I moved to Austria four years ago and, while finding an affordable apartment in Vienna took longer than I expected, the paperwork required to rent an apartment in Austria is actually quite minimal.
If you will be renting an apartment in this beautiful country for the first time, here are the things I was asked to provide. Things pretty much every Austrian landlord will ask for before they will allow you to sign a lease.
And, by the way, you are better preparing all of this information before you head out on your apartment hunt.
That way, if you do find a flat you like, and 30 other people like it too, you will be ahead of most of them if you already have your paperwork in hand.
An application to rent an apartment in Vienna
I looked at more than 40 apartments in Vienna before I could find one I liked and that a landlord would rent to me.
In at least 25 of those cases, the landlord asked me to complete a rental application if I was interested in their property.
Most were just one or two sheets of paper asking for basic information, and took less than five minutes to complete.
Proof of identity
For most people who have just moved to Austria, their proof of identity will be their passport.
If you have an EU identity card, you can use that too and, if you are already licensed to drive in Austria, a drivers license will work for some landlords.
To be on the safeside though, take your passport with you along with a photocopy in case your landlord needs one for his/her records.
Only hand that over, however, when you have been told the apartment is yours.
Proof of earnings
All Austrian landlords will ask for proof of earnings and your employment status. This will usually mean they want an employment contract, your tax information from the previous year or a current salary slip. Some might ask for 3-4 months’ worth.
Most landlords expect you to be able to prove that you earn three times the amount of your monthly rent.
When I rented my apartment in Vienna, as I am self-employed and had just arrived, I gave my landlady my previous tax information from the United States and explained I had the same income sources while living in Austria.
She didn’t have a problem with that. Especially as my income was quite a bit more than what she required.
Some landlords may be very rigid in their requirements though, and may only accept income information from a job based in Austria. So do not be surprised if you miss an apartment because someone else had the exact paperwork the landlord expected and you did not.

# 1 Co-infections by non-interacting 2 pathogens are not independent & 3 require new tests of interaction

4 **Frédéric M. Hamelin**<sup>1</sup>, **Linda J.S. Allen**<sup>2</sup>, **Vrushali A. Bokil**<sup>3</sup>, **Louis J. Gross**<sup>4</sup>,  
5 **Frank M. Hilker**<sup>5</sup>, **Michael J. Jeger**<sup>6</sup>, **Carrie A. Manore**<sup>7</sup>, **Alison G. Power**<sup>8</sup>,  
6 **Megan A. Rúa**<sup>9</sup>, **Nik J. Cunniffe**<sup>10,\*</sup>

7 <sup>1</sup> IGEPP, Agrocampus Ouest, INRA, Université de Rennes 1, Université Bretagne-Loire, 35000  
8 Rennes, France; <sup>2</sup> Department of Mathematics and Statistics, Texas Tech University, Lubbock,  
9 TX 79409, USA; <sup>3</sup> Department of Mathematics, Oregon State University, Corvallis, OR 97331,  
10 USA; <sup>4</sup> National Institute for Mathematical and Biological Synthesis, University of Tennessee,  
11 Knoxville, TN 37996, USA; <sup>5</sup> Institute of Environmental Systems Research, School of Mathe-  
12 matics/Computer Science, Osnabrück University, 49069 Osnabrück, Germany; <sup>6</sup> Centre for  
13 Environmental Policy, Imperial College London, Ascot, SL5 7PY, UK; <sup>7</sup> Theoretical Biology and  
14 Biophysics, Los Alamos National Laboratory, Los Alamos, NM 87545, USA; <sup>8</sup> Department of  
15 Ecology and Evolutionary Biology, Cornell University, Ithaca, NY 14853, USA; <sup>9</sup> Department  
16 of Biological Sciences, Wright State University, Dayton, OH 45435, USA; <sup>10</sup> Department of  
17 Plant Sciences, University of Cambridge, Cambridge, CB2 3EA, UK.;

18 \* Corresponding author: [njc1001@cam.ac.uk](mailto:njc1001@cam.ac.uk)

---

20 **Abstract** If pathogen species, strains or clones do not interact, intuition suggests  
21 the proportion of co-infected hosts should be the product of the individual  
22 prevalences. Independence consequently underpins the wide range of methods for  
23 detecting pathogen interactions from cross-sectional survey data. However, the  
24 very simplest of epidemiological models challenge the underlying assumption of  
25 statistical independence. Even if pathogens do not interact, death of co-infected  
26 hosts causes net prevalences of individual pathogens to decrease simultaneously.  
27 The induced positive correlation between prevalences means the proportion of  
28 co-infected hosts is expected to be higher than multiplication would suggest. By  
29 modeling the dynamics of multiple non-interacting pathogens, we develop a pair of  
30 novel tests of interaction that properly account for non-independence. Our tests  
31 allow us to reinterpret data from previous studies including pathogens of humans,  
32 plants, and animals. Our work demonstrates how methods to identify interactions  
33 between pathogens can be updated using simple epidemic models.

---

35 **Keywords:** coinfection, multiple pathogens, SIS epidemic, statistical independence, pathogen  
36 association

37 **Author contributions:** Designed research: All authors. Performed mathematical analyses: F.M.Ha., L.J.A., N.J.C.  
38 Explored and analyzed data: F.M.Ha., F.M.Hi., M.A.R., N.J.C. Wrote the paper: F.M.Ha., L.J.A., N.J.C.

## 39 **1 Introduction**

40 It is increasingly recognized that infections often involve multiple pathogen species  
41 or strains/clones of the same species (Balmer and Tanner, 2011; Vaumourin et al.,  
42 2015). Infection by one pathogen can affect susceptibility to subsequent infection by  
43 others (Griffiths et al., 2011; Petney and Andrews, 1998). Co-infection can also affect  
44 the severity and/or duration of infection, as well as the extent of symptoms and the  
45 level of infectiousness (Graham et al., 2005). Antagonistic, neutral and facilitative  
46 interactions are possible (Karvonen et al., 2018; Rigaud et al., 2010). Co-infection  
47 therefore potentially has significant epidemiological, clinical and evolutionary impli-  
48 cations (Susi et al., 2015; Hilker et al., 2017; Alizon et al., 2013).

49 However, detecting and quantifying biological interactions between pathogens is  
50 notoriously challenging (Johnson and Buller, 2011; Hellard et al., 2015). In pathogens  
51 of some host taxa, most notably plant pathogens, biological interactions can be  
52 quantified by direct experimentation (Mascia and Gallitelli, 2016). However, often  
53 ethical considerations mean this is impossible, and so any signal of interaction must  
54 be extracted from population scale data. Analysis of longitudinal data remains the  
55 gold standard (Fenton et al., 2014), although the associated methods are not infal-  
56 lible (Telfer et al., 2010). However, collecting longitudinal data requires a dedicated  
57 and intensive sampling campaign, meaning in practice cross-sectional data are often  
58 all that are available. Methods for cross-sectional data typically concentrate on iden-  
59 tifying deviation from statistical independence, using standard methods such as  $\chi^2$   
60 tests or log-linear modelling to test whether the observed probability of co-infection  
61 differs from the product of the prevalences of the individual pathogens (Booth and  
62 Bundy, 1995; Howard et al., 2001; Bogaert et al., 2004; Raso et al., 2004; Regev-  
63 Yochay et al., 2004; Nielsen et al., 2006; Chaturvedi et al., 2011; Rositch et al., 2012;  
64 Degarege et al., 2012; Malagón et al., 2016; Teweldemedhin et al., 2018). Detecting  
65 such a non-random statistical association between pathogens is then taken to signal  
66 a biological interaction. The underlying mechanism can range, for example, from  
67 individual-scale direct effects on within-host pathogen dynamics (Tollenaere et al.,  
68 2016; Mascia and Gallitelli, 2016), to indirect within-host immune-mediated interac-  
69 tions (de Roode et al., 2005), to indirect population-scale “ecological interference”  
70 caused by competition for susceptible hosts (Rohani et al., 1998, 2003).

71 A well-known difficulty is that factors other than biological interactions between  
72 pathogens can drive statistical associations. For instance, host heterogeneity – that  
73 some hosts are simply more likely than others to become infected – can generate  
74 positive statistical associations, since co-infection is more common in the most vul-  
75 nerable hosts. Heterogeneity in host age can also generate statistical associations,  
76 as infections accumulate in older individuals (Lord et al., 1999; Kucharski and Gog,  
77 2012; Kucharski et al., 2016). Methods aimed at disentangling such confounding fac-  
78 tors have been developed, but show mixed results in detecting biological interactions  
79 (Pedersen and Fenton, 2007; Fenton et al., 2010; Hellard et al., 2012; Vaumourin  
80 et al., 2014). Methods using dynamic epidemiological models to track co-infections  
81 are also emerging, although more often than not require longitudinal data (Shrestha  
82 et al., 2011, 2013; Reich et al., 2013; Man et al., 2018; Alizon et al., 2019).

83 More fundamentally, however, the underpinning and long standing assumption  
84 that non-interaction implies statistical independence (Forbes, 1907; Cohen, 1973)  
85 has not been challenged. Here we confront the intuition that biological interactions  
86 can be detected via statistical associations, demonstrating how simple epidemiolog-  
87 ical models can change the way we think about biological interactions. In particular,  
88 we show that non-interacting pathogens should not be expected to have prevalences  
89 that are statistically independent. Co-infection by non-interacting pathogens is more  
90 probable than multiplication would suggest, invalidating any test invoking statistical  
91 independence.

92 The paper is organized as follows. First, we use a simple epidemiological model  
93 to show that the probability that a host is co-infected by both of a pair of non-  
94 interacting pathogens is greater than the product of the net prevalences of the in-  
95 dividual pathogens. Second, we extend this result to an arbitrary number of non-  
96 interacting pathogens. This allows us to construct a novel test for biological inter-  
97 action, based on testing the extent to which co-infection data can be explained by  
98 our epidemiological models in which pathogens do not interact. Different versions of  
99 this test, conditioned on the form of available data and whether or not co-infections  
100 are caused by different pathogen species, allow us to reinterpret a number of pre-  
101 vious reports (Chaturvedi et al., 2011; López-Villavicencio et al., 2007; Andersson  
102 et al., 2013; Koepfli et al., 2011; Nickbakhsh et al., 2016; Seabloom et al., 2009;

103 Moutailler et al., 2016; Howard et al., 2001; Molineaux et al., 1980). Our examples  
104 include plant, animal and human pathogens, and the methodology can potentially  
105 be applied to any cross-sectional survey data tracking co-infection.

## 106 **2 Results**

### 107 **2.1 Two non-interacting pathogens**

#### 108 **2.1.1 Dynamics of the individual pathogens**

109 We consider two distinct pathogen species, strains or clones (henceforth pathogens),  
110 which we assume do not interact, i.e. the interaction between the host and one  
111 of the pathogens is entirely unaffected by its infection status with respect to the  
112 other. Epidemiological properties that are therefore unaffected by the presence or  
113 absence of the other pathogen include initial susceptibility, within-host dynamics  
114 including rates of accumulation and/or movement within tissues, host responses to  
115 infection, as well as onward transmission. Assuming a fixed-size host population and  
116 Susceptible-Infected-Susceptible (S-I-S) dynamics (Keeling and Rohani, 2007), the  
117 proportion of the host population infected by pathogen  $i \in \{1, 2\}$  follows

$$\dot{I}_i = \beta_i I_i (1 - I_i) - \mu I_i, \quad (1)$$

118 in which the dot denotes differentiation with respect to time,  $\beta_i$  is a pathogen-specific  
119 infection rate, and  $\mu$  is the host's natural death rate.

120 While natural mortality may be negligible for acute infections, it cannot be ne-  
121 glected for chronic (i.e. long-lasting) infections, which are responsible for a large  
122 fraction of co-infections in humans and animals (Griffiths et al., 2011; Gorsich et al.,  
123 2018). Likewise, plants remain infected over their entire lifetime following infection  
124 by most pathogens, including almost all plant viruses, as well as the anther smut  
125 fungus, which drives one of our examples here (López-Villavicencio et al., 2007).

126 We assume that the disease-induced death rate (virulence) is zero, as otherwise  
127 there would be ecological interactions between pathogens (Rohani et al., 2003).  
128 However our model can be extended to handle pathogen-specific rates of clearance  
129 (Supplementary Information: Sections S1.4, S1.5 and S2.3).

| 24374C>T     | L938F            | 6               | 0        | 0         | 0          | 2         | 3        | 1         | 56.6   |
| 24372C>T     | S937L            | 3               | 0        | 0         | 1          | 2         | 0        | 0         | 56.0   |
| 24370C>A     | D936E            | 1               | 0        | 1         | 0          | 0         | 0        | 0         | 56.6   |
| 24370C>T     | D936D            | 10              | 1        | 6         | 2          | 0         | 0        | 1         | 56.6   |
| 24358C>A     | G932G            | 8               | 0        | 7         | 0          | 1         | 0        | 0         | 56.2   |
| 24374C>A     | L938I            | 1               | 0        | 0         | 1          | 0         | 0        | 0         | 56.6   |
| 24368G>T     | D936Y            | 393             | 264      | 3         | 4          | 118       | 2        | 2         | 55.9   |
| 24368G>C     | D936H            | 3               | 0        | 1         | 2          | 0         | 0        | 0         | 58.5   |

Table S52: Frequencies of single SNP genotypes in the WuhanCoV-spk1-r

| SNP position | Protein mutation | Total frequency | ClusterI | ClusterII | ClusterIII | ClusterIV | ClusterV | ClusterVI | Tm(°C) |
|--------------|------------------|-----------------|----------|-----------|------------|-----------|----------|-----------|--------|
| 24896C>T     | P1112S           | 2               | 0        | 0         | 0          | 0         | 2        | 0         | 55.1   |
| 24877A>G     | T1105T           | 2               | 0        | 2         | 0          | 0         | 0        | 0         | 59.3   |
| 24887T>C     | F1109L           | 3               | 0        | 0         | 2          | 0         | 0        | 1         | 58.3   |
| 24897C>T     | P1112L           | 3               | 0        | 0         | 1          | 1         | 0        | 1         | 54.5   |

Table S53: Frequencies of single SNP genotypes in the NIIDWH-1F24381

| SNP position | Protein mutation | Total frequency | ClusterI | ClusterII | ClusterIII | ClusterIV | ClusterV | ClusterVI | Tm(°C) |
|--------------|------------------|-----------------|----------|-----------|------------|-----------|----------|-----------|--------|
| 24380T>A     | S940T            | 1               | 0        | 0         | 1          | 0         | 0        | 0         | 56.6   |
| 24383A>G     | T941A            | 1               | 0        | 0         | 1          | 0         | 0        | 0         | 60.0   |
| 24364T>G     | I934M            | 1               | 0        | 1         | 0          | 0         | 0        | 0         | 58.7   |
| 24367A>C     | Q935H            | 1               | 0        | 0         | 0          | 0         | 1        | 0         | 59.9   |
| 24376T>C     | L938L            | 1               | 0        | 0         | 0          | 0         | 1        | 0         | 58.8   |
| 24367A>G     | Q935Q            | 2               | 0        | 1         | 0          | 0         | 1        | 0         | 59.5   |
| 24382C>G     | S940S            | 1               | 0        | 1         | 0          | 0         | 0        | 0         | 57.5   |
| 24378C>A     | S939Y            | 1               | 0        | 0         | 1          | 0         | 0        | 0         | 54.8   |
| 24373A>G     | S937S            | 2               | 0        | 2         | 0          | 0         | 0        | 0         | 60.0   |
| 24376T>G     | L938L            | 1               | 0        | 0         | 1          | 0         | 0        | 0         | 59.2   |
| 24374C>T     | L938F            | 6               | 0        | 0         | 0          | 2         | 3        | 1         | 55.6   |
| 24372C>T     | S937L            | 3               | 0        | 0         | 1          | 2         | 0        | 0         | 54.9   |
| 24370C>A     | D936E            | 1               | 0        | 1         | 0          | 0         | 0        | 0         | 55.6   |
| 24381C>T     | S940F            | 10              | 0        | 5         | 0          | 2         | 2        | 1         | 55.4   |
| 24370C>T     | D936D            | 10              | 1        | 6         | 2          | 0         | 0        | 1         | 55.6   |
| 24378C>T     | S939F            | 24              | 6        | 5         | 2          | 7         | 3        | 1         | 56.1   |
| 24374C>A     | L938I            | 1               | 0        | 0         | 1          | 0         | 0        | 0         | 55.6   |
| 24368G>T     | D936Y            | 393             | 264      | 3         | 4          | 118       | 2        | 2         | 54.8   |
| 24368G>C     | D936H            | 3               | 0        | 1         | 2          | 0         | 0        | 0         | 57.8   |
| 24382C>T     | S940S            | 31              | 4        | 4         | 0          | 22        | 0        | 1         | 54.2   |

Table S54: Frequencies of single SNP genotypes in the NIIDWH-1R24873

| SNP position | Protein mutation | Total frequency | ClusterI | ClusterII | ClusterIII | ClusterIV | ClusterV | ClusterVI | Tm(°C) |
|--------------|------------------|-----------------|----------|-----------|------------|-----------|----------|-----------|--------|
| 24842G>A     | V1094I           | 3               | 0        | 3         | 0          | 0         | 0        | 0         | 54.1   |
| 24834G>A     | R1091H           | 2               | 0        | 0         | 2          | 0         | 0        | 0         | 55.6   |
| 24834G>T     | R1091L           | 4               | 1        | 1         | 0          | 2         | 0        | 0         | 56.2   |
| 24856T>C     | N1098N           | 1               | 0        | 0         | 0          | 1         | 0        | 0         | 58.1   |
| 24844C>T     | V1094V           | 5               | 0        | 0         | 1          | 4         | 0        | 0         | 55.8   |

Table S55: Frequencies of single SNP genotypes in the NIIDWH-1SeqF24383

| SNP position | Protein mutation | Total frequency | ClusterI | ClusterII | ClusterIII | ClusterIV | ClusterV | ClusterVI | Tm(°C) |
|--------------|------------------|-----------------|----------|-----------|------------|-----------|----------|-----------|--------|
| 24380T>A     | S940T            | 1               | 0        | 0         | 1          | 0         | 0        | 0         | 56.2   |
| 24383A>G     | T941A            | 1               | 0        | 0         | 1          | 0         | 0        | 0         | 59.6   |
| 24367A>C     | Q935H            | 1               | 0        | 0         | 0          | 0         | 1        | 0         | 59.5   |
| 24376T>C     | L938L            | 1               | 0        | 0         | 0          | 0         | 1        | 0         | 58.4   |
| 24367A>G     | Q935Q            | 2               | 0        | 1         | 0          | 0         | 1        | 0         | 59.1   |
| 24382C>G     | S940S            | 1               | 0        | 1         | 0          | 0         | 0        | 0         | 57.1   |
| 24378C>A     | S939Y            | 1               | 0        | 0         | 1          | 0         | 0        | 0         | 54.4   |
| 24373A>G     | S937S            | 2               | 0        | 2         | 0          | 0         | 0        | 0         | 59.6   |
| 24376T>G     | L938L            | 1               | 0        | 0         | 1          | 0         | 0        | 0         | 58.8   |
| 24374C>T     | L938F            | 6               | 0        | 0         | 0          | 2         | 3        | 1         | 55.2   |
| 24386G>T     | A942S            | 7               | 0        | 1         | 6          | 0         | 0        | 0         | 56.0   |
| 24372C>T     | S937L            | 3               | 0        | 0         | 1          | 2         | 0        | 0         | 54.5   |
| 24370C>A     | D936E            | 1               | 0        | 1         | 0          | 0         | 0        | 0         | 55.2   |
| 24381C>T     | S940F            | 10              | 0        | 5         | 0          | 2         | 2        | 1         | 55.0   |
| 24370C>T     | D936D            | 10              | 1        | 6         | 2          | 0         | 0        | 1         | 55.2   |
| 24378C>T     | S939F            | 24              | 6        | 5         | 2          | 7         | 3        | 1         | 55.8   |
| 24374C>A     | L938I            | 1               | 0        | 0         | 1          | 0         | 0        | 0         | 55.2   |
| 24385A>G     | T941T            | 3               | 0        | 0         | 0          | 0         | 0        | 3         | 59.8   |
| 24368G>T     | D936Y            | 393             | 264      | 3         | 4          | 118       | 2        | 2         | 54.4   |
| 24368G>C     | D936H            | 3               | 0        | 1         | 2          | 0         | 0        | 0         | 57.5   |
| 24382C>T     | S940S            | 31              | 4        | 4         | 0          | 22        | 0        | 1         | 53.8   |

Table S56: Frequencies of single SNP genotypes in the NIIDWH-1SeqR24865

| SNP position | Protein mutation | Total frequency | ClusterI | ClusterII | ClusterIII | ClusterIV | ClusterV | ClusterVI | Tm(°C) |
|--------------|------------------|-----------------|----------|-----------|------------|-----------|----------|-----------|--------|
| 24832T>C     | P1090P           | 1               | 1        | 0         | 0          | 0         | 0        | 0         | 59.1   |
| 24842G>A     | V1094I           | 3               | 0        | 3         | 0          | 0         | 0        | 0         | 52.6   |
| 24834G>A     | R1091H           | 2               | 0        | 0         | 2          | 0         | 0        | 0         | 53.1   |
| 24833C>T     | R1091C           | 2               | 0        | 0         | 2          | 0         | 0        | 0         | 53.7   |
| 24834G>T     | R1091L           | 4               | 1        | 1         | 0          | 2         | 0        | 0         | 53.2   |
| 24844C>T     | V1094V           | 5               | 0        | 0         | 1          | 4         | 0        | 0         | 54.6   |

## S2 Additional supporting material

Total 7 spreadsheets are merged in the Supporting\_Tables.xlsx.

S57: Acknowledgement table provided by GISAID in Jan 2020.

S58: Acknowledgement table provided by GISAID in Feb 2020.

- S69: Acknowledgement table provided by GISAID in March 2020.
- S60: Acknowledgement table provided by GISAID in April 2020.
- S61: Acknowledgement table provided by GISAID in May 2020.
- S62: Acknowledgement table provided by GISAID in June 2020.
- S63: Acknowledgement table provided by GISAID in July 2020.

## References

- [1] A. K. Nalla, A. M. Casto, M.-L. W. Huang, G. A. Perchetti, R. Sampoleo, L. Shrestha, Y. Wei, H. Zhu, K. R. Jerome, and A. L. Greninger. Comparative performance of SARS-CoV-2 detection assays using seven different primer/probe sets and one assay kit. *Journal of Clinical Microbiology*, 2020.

If that does happen, just keep looking as that flat was obviously not meant to be yours.
I have a couple of friends living in Vienna who can easily afford to pay their 800 euro a month rent, but do not make the 2,400 euros a month their landlord required.
In that case, they asked a family member to be a guarantor and their landlord accepted the letter of guarantee that person happily signed.
In some cases, a landlord will only accept a letter of guarantee from someone in Austria, so you may have to keep looking for another apartment if your income is not three times your rent and the landlord is not comfortable with an overseas guarantor.
Your bank account information
The paperwork required to rent an apartment in Austria also includes a copy of your bank account details.
Most landlords expect to be paid via bank transfer every month, and want to be sure you have an Austrian bank account already set up to do that.
A character reference
I was only asked for a character reference from one landlord whose apartment I viewed, and I was not interested in his apartment anyway.
Some Austrian landlords will ask you for a character reference, however, especially if you are new in the country.
In this instance, you can usually ask an Austrian friend to vouch for you or, if you have a previous landlord who loved you, they will often suffice as well.
Rent x 4 months
In most cases, an Austrian landlord will ask for a total of at least four months rent.
The first month to pay for the first month you live in the flat, plus three more months as the deposit. The three months’ amount will be returned to you when you move out, if you have not caused any major damage to the flat.
Do be aware, though, Austrian law does not mandate a fixed deposit amount, so it is not unheard of for Austrian landlords to ask for six months’ rent up front.
This can definitely be the case if they perceive you to be a ‘bad risk’ (new in the country, not Austrian, a lower-income paying job, self-employed etc).
You will usually be asked to pay the deposit either by cash (I paid cash) or by check.
Just be sure to ask for a receipt if you pay with cash.
In most cases, this is the only paperwork required to rent an apartment in Austria. Some landlords may ask for additional things, but weigh up carefully whether you want to provide them as, in most cases, they are not legally mandated.